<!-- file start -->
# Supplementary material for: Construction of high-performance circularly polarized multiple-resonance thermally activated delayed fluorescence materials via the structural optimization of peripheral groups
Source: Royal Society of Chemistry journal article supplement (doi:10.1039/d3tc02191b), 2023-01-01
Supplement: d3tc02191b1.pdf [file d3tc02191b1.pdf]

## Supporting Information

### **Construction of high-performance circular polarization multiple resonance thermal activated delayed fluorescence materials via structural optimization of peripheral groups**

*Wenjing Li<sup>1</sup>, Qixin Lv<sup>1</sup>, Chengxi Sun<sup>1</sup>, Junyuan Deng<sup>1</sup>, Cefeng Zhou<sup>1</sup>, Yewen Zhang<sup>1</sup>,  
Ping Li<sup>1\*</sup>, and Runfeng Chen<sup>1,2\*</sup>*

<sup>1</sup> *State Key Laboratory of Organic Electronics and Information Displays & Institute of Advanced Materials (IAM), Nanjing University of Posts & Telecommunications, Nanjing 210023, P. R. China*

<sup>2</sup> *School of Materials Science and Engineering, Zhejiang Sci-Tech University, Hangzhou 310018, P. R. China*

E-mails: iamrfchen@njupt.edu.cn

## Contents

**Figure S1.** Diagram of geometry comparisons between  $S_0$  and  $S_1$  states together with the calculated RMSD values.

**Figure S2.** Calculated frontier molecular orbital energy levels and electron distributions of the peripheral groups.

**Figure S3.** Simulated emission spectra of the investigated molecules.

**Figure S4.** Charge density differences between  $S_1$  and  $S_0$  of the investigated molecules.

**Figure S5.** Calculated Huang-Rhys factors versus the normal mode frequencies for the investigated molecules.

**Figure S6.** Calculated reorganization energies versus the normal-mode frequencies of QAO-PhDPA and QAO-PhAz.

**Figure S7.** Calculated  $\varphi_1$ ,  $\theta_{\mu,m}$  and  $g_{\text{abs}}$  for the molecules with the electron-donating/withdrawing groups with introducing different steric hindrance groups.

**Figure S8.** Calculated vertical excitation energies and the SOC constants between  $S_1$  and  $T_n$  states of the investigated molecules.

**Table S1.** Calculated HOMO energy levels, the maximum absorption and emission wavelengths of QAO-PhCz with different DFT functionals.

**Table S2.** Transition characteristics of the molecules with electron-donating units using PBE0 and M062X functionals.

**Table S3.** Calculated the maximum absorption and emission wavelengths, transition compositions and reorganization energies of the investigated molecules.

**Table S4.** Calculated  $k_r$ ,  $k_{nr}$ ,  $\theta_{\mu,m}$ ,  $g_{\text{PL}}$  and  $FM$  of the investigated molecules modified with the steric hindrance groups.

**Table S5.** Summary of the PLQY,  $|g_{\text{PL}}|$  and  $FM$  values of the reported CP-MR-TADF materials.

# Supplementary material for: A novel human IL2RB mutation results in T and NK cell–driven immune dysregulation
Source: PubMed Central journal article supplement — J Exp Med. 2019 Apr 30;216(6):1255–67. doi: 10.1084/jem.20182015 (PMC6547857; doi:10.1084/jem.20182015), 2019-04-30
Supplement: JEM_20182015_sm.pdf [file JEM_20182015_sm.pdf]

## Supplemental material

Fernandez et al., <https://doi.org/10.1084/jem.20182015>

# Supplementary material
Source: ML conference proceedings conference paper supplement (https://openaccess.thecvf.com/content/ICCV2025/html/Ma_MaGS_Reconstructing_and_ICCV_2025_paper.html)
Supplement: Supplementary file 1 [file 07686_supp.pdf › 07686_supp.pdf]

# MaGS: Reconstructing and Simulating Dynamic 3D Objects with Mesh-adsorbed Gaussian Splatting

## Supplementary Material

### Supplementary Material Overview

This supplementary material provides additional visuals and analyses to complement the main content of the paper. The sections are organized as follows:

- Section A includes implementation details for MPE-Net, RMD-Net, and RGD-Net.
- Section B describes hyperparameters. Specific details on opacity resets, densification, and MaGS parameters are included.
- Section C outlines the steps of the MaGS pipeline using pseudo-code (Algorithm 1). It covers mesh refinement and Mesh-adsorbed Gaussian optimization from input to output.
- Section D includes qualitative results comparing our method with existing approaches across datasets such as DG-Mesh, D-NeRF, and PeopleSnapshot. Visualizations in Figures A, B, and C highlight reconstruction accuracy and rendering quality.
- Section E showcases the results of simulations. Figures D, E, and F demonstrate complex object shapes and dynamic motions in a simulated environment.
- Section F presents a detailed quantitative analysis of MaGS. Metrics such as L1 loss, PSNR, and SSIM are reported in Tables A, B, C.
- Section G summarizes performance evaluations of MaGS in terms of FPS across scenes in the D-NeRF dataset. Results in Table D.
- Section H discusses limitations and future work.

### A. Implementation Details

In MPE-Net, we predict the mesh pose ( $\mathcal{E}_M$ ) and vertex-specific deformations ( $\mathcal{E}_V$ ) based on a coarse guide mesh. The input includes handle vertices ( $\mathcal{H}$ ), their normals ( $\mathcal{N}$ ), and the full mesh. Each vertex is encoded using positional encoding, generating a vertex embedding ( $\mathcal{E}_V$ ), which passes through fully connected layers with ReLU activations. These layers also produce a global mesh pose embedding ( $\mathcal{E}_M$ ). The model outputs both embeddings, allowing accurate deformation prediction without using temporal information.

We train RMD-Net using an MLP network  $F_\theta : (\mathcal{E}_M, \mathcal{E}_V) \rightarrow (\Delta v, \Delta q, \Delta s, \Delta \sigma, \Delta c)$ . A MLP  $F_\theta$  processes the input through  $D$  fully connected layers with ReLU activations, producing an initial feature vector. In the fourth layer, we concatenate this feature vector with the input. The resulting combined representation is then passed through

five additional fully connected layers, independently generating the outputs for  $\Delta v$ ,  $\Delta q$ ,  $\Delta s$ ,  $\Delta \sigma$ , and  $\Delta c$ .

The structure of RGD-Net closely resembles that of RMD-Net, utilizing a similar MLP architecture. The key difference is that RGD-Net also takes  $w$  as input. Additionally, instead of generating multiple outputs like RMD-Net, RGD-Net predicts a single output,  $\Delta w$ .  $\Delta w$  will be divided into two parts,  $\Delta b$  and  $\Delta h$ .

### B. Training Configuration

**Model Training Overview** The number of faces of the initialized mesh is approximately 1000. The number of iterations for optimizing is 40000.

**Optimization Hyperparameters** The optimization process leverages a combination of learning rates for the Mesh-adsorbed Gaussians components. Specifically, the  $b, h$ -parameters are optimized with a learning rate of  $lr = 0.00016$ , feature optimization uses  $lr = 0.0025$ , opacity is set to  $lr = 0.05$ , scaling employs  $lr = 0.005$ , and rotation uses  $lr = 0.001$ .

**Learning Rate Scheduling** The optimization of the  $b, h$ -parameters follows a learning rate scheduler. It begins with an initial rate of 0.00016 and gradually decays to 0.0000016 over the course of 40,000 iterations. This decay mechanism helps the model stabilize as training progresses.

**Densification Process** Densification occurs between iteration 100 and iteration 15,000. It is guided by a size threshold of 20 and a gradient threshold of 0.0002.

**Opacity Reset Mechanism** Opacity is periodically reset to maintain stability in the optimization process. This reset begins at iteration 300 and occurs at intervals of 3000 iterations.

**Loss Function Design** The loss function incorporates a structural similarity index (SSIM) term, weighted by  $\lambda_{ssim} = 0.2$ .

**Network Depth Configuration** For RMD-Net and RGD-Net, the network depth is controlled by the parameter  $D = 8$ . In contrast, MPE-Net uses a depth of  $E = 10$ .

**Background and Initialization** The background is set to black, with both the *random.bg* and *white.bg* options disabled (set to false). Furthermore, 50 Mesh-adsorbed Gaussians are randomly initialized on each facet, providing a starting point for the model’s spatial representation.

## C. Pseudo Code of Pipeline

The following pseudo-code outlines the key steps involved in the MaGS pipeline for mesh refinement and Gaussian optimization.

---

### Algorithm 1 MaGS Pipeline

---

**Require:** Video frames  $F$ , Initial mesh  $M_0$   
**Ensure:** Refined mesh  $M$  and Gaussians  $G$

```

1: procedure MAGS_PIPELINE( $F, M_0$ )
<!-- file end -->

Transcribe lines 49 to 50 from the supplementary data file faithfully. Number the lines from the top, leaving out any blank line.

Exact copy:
The structure of RGD-Net closely resembles that of RMD-Net, utilizing a similar MLP architecture. The key difference is that RGD-Net also takes  $w$  as input. Additionally, instead of generating multiple outputs like RMD-Net, RGD-Net predicts a single output,  $\Delta w$ .  $\Delta w$  will be divided into two parts,  $\Delta b$  and  $\Delta h$ .

### B. Training Configuration